Hoppegarten Racetrack


Text  Richard Catty

Photography  Angela Suarez


Looking out towards the nearby woodlands and endless skyscape, it is hard to believe that Berlin is just a short train ride away. Despite the natural beauty Brandenburg’s Hoppegarten racetrack boasts, Gerhard Schöningh knew he was in for a challenge when acquiring the racecourse in 2008. But with Schöningh came a vision: restore the track and its facilities to their former glory, deliver high quality racing events and bring back the crowds that were once its mainstay.

In its 153 year fascism- and communism-fraught run, these are just a few in a long list of hurdles that Hoppegarten has faced. The racetrack’s physical obstacles, however, are limited to a single broccoli-like tree sprouting from its central oval, the course name being derived not from hoppable hedgerows, but the crop that was grown on the estate before it was sold to the Union-Klub in 1867. Lying on the outskirts of East Berlin, Hoppegarten was officially opened the following year, the guest of honour being the future founder of the German empire, Prussian King Wilhelm I.

In 1910, Emperor Willhelm II proclaimed himself to be the Union-Klub’s protector out of sheer enthusiasm for the sport of horse racing. Shortly afterwards, Hoppegarten underwent significant improvement works, with steel and concrete structures replacing the old wooden stands. Racing at the course flourished over the following decades. During its peak years, beginning around 1925, over 1200 horses could be based at Hoppegarten at any one time and up to 40,000 spectators would attend race days. The boom continued right up until the end of the Second World War when the soviet iron curtain cast financial and sporting darkness over the East German horse racing circuit.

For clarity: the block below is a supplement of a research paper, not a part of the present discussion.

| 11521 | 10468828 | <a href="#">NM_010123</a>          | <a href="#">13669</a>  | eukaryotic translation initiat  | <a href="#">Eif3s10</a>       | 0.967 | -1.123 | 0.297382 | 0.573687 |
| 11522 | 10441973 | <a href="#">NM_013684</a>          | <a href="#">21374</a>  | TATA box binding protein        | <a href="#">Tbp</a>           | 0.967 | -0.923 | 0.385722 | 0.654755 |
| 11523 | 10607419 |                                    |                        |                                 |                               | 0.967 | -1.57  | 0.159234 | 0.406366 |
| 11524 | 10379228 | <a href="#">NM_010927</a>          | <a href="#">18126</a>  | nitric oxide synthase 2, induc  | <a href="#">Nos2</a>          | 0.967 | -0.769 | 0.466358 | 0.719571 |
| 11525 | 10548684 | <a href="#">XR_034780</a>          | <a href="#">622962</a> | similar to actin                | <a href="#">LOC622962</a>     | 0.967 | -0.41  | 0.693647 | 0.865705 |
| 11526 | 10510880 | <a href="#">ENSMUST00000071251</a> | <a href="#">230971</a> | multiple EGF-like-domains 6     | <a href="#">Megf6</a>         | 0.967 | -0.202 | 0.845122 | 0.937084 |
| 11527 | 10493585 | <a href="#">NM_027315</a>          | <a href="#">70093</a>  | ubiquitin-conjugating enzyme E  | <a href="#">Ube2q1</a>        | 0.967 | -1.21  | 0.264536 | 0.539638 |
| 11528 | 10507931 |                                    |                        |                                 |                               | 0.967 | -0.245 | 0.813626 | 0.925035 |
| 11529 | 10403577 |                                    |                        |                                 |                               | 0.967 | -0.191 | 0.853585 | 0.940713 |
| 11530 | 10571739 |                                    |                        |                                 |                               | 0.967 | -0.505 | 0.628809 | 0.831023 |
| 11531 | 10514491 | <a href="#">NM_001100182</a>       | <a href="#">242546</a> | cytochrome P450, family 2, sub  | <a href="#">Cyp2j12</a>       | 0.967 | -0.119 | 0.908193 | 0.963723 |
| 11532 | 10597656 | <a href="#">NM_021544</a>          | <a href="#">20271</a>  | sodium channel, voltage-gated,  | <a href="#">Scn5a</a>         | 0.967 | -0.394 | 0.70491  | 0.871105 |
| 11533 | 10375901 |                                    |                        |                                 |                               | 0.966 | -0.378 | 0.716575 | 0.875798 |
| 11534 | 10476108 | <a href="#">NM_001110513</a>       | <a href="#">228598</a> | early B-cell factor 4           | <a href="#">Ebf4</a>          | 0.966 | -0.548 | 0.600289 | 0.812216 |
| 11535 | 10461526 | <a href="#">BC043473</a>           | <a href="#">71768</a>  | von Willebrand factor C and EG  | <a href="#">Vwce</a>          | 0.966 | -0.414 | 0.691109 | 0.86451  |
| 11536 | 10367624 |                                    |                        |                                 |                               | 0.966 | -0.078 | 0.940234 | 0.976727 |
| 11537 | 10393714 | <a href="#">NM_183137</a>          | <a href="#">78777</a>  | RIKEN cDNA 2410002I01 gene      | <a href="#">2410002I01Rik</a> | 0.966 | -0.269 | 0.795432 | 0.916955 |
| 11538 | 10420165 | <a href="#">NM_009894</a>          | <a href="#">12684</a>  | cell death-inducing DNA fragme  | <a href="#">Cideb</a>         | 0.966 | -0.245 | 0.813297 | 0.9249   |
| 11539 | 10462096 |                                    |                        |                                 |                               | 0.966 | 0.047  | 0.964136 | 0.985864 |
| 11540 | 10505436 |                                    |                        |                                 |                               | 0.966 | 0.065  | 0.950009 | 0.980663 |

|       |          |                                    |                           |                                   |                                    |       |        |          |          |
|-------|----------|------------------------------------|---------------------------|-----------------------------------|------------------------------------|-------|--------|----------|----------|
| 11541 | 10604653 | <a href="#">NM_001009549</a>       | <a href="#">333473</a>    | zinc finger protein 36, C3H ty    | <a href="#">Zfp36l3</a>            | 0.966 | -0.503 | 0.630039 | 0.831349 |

Nowadays, Hoppegarten retains a distinctive rural veneer thanks to a vine-wrapped press building and 1920s bandstand. And there are touches of class in unexpected places, like the brass-pipe taps of palatial bathrooms and the crescent-shaped entrance resembling a row of stables. The main stand’s charm resides in its ancient tannoy arrangement, a collection of crash-proof black-boxes; drainpipes that shamelessly expose themselves as they skirt the supporting walls; and rows and rows of seemingly unending, paint-shedding benches offering the finest views of the racecourse. Descending from the upper tier of the main stand, it is easy to find oneself in dark corridors populated with mismatched chairs and scuffed tables, the abandoned factory-feel they convey not all too surprising considering the building was repurposed for munitions production at the end of WWII.

Although the main stand’s cordoned-off stairwells and rusted girders still offer a glimpse into a troubled past, it would be an injustice to highlight these endearing imperfections without commenting on the fine job that has been done with the VIP stand. Here one can dine beneath the canopies of the pristine-white terrace while enjoying race days of national and international significance. The kind which draw crowds of well-dressed race enthusiasts, Berlin techno-punks, and Granddad’s in purple blazer / black bow tie combos; welcomed with convincing conviviality by face-tattooed bouncers.

Continue shopping
Your Order

You have no items in your cart